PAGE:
Measuring Audience Response is What Matters


Nielsen sure stirred up a hornet’s nest by entering the radio ratings game. Imagine the activity now that radio has another diary system of measuring its audience to present to media buyers.

I sit amazed at all the discussion about this topic when the real item that is going to eat radio’s lunch is exact measurements on the internet. The "action" that is going to be most valued by advertisers has nothing to do with how many people sit in the audience, and everything to do with how many people respond to the message that was just sent to them on their radio.

Measurement is everything. It doesn’t matter if you’re talking about sports, business, or topics like your career or child.  Comparing what was against what is ultimately occurs, and that requires measurement.

While radio industry executives argue over providing statistically extrapolated numbers from a diary, or the new PPM (which only provides more accuracy from an individual listener), what nobody in radio seems to be paying attention to is the growing demand from advertisers to measure response.

Audience numbers still mean something if you’re selling CPM, which it looks like radio is committed to do forever. (Read: Radio refuses to step into the future.) But, if you are going to stick to selling a group of 1,000 persons to an advertiser, you have to come to terms with a simple fact that the value of radio CPM is dropping.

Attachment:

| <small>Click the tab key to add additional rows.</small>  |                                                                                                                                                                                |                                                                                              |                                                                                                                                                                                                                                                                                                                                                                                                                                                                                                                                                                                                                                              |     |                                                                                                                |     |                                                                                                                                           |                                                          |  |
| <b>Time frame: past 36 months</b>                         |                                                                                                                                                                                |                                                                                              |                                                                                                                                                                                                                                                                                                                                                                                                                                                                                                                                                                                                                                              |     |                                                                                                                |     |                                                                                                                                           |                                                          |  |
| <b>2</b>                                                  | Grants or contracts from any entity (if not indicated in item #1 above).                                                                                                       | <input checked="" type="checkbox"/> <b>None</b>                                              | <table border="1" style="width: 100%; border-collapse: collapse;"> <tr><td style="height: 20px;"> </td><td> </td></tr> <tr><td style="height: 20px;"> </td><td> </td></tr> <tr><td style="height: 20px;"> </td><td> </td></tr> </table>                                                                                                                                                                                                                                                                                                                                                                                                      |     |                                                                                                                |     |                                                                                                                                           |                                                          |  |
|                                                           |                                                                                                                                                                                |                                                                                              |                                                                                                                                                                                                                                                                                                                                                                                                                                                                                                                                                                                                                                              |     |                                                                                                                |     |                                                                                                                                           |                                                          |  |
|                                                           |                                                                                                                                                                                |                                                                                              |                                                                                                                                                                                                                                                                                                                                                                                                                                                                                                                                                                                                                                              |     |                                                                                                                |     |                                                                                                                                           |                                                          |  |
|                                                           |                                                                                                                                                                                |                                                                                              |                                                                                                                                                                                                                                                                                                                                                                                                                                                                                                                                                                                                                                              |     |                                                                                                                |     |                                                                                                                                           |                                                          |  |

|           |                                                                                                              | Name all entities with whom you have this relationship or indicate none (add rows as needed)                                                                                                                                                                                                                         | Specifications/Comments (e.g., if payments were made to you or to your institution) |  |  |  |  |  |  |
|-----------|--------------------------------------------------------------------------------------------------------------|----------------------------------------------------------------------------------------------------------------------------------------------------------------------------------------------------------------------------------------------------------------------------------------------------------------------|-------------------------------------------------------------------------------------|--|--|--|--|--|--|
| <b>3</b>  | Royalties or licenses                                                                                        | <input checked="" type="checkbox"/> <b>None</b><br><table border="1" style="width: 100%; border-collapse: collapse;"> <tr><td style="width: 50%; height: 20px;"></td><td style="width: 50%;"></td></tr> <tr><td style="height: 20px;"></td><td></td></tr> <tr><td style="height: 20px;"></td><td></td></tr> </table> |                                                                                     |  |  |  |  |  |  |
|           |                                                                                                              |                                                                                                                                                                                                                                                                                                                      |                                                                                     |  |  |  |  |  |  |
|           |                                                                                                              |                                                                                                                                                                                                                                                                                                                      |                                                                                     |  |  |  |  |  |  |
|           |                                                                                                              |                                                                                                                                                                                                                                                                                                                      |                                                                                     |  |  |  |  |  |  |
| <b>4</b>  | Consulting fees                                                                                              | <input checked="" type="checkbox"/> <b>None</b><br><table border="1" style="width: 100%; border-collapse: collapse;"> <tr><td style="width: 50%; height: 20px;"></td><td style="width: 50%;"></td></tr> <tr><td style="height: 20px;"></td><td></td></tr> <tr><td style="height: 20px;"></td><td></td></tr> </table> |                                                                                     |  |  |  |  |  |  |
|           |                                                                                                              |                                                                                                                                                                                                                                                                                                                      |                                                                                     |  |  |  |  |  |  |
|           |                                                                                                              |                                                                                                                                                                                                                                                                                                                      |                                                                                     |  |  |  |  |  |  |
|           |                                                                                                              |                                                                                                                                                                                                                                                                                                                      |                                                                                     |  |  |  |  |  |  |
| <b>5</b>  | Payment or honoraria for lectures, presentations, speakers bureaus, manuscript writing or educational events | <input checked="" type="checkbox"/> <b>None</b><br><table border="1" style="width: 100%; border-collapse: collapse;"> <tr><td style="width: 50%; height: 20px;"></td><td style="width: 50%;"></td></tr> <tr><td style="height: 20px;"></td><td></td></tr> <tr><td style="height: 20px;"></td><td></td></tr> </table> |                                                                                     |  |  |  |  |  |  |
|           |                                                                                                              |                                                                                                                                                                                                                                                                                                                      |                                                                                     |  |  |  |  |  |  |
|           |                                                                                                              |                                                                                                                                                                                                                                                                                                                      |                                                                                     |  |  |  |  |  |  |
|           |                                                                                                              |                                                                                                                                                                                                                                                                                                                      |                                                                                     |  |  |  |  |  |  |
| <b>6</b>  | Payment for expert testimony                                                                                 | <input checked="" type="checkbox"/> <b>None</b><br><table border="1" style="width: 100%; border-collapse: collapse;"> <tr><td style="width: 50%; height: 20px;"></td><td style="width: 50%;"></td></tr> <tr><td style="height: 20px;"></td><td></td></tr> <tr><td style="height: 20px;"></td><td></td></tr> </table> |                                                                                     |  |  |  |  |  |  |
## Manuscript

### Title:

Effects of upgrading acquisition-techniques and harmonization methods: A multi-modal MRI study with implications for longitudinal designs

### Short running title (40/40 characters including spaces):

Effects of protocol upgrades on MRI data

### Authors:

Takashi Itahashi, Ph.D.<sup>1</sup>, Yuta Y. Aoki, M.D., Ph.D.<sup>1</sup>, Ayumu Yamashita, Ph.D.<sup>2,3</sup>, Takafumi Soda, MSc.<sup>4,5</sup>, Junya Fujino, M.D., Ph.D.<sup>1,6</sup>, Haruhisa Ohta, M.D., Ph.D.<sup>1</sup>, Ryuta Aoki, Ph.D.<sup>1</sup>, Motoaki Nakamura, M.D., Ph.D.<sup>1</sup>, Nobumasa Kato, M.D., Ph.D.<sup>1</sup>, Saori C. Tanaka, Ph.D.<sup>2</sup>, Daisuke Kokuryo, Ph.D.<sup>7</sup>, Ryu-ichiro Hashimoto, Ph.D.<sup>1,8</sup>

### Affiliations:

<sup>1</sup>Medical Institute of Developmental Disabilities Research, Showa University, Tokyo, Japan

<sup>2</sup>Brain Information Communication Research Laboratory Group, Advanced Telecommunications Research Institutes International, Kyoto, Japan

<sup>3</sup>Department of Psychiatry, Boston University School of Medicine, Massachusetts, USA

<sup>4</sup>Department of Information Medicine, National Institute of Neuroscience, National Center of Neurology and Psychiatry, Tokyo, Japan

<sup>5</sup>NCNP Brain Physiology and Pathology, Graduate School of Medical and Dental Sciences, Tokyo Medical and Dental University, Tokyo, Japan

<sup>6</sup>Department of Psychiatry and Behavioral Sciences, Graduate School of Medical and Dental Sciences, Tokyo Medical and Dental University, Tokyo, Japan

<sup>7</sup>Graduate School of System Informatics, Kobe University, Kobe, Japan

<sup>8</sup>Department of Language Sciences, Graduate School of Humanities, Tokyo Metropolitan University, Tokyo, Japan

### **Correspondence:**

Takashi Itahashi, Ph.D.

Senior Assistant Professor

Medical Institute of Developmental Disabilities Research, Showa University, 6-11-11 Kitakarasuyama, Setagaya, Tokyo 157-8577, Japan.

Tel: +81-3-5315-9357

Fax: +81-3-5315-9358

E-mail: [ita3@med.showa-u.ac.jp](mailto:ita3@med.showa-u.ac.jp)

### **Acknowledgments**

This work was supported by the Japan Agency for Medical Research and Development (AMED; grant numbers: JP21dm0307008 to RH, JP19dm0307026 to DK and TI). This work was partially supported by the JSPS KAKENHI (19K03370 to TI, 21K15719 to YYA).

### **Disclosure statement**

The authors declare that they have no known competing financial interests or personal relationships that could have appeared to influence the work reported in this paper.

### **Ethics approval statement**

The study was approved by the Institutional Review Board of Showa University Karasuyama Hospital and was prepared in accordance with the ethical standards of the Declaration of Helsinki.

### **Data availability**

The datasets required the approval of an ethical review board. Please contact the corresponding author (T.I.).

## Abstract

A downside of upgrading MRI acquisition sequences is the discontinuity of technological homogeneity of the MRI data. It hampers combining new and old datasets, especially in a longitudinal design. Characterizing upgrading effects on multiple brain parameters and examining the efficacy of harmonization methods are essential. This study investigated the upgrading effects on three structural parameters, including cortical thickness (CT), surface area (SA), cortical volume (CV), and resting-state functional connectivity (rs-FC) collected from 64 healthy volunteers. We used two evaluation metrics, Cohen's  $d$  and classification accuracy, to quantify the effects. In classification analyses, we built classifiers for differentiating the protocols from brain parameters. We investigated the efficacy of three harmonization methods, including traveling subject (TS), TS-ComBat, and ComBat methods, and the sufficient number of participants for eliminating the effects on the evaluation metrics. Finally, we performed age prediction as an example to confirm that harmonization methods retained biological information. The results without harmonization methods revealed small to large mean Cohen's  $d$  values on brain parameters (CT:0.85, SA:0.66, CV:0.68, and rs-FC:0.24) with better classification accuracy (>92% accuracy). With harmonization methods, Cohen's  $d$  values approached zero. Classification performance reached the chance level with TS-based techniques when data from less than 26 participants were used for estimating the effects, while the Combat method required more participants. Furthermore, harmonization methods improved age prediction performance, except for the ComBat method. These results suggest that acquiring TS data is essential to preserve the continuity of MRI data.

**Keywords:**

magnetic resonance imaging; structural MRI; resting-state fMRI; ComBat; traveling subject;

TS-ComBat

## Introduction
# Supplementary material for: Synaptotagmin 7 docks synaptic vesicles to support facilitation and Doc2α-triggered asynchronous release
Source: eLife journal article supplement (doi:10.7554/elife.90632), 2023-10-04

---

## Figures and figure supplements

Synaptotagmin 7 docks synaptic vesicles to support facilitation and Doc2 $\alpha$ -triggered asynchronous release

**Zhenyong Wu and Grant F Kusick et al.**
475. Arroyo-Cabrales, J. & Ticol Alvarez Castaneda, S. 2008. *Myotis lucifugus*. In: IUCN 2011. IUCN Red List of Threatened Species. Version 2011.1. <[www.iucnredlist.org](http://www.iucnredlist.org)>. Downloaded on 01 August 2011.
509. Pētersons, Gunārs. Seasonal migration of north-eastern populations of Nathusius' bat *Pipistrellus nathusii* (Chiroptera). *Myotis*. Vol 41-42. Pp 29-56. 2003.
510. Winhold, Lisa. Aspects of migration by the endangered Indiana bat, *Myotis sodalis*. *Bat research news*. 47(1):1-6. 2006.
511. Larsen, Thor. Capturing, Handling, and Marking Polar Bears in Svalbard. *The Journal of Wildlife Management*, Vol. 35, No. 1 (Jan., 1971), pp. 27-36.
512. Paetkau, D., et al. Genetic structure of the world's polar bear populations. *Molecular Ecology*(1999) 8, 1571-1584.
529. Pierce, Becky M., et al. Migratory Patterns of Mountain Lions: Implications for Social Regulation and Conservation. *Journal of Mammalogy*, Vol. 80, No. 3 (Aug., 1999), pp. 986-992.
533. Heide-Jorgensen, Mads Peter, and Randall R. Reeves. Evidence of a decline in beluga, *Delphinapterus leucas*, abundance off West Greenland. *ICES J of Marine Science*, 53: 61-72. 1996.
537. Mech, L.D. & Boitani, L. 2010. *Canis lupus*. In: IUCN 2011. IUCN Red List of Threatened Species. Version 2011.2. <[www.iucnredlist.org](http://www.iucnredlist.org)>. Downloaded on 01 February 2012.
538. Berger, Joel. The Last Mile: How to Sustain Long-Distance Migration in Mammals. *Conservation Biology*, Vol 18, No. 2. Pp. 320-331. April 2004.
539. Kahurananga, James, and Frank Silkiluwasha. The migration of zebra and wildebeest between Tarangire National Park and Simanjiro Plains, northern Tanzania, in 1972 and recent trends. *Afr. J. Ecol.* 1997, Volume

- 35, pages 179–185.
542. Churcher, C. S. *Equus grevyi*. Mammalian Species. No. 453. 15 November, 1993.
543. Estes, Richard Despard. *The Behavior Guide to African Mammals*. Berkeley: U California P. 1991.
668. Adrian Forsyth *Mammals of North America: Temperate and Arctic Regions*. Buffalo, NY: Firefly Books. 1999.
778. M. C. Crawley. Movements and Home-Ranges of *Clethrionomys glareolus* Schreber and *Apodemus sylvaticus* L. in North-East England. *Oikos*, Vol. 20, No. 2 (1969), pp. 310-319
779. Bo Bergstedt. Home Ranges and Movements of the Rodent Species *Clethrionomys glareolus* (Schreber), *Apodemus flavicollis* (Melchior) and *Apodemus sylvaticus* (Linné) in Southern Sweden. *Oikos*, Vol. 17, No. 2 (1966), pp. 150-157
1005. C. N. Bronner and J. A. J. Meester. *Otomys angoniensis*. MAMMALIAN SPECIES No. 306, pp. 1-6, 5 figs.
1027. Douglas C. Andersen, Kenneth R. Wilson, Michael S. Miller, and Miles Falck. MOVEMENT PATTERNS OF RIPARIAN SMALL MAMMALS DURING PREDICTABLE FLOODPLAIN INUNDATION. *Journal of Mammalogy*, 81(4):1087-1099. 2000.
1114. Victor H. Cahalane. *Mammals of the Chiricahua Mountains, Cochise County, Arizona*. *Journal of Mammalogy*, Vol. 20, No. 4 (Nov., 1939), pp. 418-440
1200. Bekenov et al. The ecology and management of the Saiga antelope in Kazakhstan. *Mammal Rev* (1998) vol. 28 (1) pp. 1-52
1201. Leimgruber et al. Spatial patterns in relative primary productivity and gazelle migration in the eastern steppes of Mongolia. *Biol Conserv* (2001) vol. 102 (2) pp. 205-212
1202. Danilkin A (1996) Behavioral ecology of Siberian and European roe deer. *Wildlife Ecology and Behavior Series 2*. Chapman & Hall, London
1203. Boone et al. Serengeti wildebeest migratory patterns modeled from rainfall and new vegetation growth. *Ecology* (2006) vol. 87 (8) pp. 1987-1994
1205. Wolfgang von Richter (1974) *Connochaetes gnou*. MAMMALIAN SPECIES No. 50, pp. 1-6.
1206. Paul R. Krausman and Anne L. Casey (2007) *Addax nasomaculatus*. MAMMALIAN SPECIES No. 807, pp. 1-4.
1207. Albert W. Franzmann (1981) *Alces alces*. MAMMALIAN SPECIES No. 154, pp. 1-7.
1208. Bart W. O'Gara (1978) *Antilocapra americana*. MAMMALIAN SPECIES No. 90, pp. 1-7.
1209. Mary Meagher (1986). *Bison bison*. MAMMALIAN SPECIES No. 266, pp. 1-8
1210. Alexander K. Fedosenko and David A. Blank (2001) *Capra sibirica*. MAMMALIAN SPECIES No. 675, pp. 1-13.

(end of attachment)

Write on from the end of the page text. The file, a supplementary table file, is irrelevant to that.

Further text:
Painted as a dinosaur industry, radio is fighting a fierce battle over which of these devalued systems it is going to use – the one from Arbitron or from Nielsen. There’s something ironic about that.

I’m not seeing any energy placed into how radio can verify a count of people who respond to its on-air commercials.

Everyone is saying how radio needs to change. How’s this for a starter: Is there any type of pricing available where I, as a media buyer, may come to a radio station and offer to pay "X" dollars for each person who fills out a survey on that station’s web site? I’ll use my station-provided airtime to push people to that survey. Instead of paying for reaching all those dead ears, I’m going to pay the station for each usable survey that’s delivered.
I don’t often revisit really old issues here, but let’s take a quick check on something that was created in 1998.

Data Edge Surveys was a system that delivered response to advertisers. Although it was designed for internet radio, it can also be used in the broadcast arena. All it takes is a little imagination. This page you are about to see has not changed for over a decade. I offer it to you for consideration that there are alternative ways to sell radio besides a :10, :30, or :60 commercial.

Here’s what makes Data Edge Surveys so valuable; it delivers impressions and data to an advertiser and station. It does not depend on how many people are in the audience but how many people respond to the message.
Data Edge Surveys delivers what advertisers are looking for, and its cost is determined by the value of response not the exposure achieved.

The radio industry can publicly bicker all it wants about how it is going to determine the number of people in the audience. All it is doing is costing itself credibility with those who matter most, the clients who pay the bills. And, all those folks are looking for is to verify that someone responded to their advertising.

Radio continues to sell exposure. Advertisers, though, need to measure response – especially in these tough economic times.

— Ken Dardis, President, Audio Graphics, Inc. (